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How can you design and build a vehicle that will have the ability to roll a length of 6 meters without the use of fuel or electrical engine?

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Looking for a cnc drill bank from a Italian group Fam co.

Posted on Sep 24, 2009

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SOURCE: I have freestanding Series 8 dishwasher. Lately during the filling cycle water hammer is occurring. How can this be resolved

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Posted on Jan 02, 2017

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I am having trouble getting the engine to run. It will crank but won't stay running.


Attempt to hold the choke in the on position. Typical of these designs the choke returns to the run position as the unit warms up. It is likely that the carburetor has become fowled by residue remaining after the gas has evaporated.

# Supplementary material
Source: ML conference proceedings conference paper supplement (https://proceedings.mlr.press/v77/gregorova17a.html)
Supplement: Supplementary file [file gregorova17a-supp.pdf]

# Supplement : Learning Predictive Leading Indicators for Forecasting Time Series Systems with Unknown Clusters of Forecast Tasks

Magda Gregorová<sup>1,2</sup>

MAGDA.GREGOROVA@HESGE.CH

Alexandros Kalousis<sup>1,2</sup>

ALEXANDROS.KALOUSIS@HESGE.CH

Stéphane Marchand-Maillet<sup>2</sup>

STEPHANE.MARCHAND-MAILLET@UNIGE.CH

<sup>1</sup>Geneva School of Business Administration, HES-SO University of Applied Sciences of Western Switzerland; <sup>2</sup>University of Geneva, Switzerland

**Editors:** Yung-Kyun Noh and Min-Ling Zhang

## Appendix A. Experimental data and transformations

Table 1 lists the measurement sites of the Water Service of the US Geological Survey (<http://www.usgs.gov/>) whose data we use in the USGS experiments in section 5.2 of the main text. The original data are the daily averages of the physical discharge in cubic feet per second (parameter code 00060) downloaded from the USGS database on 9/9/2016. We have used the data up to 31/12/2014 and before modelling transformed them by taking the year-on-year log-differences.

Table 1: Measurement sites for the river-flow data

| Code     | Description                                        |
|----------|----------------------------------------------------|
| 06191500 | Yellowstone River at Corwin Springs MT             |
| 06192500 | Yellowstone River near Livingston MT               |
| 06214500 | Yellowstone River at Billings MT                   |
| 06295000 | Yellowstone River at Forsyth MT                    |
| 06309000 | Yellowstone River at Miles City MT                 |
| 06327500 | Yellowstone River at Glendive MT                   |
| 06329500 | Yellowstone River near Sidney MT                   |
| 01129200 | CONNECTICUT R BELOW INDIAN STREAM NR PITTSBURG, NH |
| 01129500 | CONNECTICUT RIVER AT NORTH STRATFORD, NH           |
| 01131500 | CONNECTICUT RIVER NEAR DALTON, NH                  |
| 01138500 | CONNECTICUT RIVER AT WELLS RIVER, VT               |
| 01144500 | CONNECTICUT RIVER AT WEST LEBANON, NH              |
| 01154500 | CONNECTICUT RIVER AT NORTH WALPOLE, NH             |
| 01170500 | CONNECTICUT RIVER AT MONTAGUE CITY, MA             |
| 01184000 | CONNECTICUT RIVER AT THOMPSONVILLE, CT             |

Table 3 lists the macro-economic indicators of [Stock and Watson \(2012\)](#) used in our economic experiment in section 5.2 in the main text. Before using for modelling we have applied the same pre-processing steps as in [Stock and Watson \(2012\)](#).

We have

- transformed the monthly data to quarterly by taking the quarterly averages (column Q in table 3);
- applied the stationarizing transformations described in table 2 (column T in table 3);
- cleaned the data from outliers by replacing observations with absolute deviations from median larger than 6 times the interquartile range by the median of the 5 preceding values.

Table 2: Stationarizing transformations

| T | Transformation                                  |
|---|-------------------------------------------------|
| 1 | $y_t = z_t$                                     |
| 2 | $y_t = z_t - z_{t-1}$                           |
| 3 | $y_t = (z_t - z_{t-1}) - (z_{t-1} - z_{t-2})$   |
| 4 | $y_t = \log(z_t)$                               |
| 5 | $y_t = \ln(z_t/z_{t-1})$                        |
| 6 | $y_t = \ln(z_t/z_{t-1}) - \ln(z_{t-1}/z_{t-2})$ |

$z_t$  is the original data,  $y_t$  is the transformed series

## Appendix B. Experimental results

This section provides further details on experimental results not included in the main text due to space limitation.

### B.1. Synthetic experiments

this is a common problem. The residue restricts the
critical fuel metering passages and by retaining the choke on the mixture is enriched enough to maintain engine operation.

The best corrective action is to not remove the carburetor , but to attempt to replace the fuel with fresh fuel preferably without ethonal. Second would be to add a fuel additive that has the ability to clean out the fuel system.

Attempt to run the unit and using the choke try to maintain operation.

Allow the unit to sit overnight and hope that the residue will dissolve. If the fuel metering adjustments screws are adjustable record the current setting and adjust the settings counter clockwise to enrich the fuel mix. Small adjustments 1/4 turn.

Allow the unit to run adjusting over time the mixture back to the original settings as the residue dissolves,

Disassembling the carburetor is only recommended by a professional. It is very easy to damage a good carburetor attempting to clean it.

Hope this has helped?

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Mar 26, 2016 | Electrical Supplies

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Octane Myth